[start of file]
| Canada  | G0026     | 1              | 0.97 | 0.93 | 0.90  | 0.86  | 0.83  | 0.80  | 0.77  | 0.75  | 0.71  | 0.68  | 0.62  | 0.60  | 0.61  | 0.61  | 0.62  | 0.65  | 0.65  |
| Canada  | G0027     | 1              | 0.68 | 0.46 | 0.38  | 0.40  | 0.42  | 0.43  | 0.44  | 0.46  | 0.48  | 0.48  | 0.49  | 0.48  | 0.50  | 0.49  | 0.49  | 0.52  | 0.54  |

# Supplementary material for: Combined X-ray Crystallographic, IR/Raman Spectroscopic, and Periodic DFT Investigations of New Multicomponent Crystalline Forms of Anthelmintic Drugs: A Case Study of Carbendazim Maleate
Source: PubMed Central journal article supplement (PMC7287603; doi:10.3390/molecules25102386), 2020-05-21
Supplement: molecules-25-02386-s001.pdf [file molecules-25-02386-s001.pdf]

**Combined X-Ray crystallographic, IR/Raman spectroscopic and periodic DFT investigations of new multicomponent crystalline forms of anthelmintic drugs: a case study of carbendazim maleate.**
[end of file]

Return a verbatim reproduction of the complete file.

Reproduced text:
| Canada  | G0026     | 1              | 0.97 | 0.93 | 0.90  | 0.86  | 0.83  | 0.80  | 0.77  | 0.75  | 0.71  | 0.68  | 0.62  | 0.60  | 0.61  | 0.61  | 0.62  | 0.65  | 0.65  |
| Canada  | G0027     | 1              | 0.68 | 0.46 | 0.38  | 0.40  | 0.42  | 0.43  | 0.44  | 0.46  | 0.48  | 0.48  | 0.49  | 0.48  | 0.50  | 0.49  | 0.49  | 0.52  | 0.54  |

# Supplementary material for: Combined X-ray Crystallographic, IR/Raman Spectroscopic, and Periodic DFT Investigations of New Multicomponent Crystalline Forms of Anthelmintic Drugs: A Case Study of Carbendazim Maleate
Source: PubMed Central journal article supplement (PMC7287603; doi:10.3390/molecules25102386), 2020-05-21
Supplement: molecules-25-02386-s001.pdf [file molecules-25-02386-s001.pdf]

**Combined X-Ray crystallographic, IR/Raman spectroscopic and periodic DFT investigations of new multicomponent crystalline forms of anthelmintic drugs: a case study of carbendazim maleate.**